Toward such ends, we have called for modernization efforts in biosafety and biosecurity and applaud the most recent efforts of the World Health Organization in this endeavor.

Yet, it is crucial to note that while whole-of government cooperation, and a whole-of-nation approaches will be vital to any meaningful efforts of this sort, the Defense Department, U.S. government, and national enterprises at-large are not alone in evident requirements to bolster biodefenses in the post-COVID19 geopolitical ecology. We would argue that such efforts should extend to international forums where these issues, questions, problems, and dialectical paths toward resolution.

We believe that implementing these goals will require coordinated national and multi-national activities to increase awareness of current and emerging science and technologies that can be utilized as threats; quantify the likelihood and extent of threats that are posed; mitigate, if not counter identified threats; and prevent or delay development of future threats.

In sum, we posit that important steps to achieving this level of preparedness and response will necessitate establishment of a network of offices to coordinate academic and governmental research centers to study and to evaluate current and near-future gray zone threats.

There must also be methods to qualitatively and quantitatively identify threats and the potential timeline and extent of their development. In addition, there should be a variety of means for protecting the United States and allied interests from these emerging threats.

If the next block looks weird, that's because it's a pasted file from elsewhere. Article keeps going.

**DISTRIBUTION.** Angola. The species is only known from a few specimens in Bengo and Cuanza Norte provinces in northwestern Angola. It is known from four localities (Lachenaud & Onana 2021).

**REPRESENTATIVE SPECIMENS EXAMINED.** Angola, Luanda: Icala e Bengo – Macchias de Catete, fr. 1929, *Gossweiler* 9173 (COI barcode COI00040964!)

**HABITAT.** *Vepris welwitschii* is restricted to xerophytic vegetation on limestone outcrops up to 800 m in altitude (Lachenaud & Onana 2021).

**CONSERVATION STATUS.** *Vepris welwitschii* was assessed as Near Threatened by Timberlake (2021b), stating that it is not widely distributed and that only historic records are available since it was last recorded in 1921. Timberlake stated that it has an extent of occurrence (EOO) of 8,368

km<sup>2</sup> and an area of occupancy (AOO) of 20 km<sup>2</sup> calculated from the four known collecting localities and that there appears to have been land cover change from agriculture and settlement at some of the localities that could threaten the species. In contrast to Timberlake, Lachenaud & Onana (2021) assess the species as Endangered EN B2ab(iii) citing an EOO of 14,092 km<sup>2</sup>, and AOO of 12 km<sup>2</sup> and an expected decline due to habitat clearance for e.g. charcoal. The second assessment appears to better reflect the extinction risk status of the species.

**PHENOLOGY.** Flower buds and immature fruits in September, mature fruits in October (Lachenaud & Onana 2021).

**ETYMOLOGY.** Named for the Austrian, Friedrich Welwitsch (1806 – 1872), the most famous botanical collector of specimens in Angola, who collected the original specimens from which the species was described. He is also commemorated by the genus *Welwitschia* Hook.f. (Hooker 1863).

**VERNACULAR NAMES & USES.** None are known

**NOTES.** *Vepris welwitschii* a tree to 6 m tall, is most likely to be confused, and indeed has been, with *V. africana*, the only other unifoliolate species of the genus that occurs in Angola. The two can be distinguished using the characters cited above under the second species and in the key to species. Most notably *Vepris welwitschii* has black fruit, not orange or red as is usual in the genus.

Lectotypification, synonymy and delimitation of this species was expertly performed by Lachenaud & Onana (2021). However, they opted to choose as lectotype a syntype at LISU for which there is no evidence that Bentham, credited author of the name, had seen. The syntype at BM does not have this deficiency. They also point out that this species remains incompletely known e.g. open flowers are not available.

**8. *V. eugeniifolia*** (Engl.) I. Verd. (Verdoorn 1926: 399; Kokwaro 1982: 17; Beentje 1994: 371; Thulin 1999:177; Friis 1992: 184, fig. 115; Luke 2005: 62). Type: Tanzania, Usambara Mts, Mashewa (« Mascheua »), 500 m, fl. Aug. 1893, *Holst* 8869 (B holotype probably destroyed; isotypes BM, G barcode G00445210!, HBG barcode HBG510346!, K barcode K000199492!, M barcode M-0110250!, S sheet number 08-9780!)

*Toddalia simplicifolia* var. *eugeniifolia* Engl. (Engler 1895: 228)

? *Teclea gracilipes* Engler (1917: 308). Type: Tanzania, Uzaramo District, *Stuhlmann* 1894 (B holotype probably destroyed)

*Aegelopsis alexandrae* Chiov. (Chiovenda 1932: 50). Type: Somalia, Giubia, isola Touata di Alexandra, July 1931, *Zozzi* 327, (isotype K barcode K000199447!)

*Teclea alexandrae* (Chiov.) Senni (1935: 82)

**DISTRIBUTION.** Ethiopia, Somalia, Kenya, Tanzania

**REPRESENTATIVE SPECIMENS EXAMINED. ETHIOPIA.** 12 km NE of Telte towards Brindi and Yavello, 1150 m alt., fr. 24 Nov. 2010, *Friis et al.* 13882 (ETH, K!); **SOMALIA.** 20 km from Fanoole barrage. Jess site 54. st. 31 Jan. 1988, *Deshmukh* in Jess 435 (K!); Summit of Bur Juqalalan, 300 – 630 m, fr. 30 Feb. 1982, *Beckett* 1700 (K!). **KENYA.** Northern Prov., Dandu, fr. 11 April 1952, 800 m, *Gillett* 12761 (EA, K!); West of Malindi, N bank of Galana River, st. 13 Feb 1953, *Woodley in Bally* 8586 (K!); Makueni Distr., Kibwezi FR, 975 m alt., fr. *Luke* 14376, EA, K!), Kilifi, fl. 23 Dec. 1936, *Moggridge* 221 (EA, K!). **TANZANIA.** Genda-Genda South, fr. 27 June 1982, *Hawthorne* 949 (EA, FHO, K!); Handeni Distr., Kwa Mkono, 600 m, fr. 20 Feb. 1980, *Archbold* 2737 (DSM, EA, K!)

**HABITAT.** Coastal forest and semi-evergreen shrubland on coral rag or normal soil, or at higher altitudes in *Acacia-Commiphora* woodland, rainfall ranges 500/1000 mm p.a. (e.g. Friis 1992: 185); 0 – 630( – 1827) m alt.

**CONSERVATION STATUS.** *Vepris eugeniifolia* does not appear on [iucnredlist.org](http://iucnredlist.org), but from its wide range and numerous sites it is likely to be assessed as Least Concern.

Computational approaches to create and to support analytic assessments of threats across a wide range of emerging technologies may be leveraged and afford purchase in gray zone engagements.

In light of other nations’ activities in this domain, we view current and emerging biosciences as providing potential for present, and viable future threats to public health and global biosecurity.

We opine that critical to the type of program and steps that we have proposed are the development of guidelines that are cognizant of peer-competitor nations’ values and intentions, and which liberal democracies could employ for the ethical use of current and emerging biotechnologies, while remaining aware of possible utilization by adversaries, as well as their directing their own uses, in particular settings, and under specific conditions.

Dedicated and sustainable programs of this sort will require ongoing domestic funding, participation and the support of like-minded, multi-national allies. But we perceive such efforts and commitment to be worthwhile, important and necessary, as the threat posed by of emerging technologies is clear.

As we have stated in the past — and reiterate here — it is not a question of if such methods will be utilized, but rather when, to what extent, and by which group or groups. Moreover, and perhaps more importantly, the question is if the United States and its allies will be prepared for these threats when — or before — they are rendered.

Dr. Diane Dieuliis is a senior research fellow at the National Defense University. Dr. James Giordano is a professor of neurology and biochemistry and chief of the Neuroethics Studies Program at the Pellegrino Center for Clinical Bioethics, Georgetown University Medical Center, and a senior research fellow of biosecurity, technology and ethics at the Naval War College.

Topics: Research and Development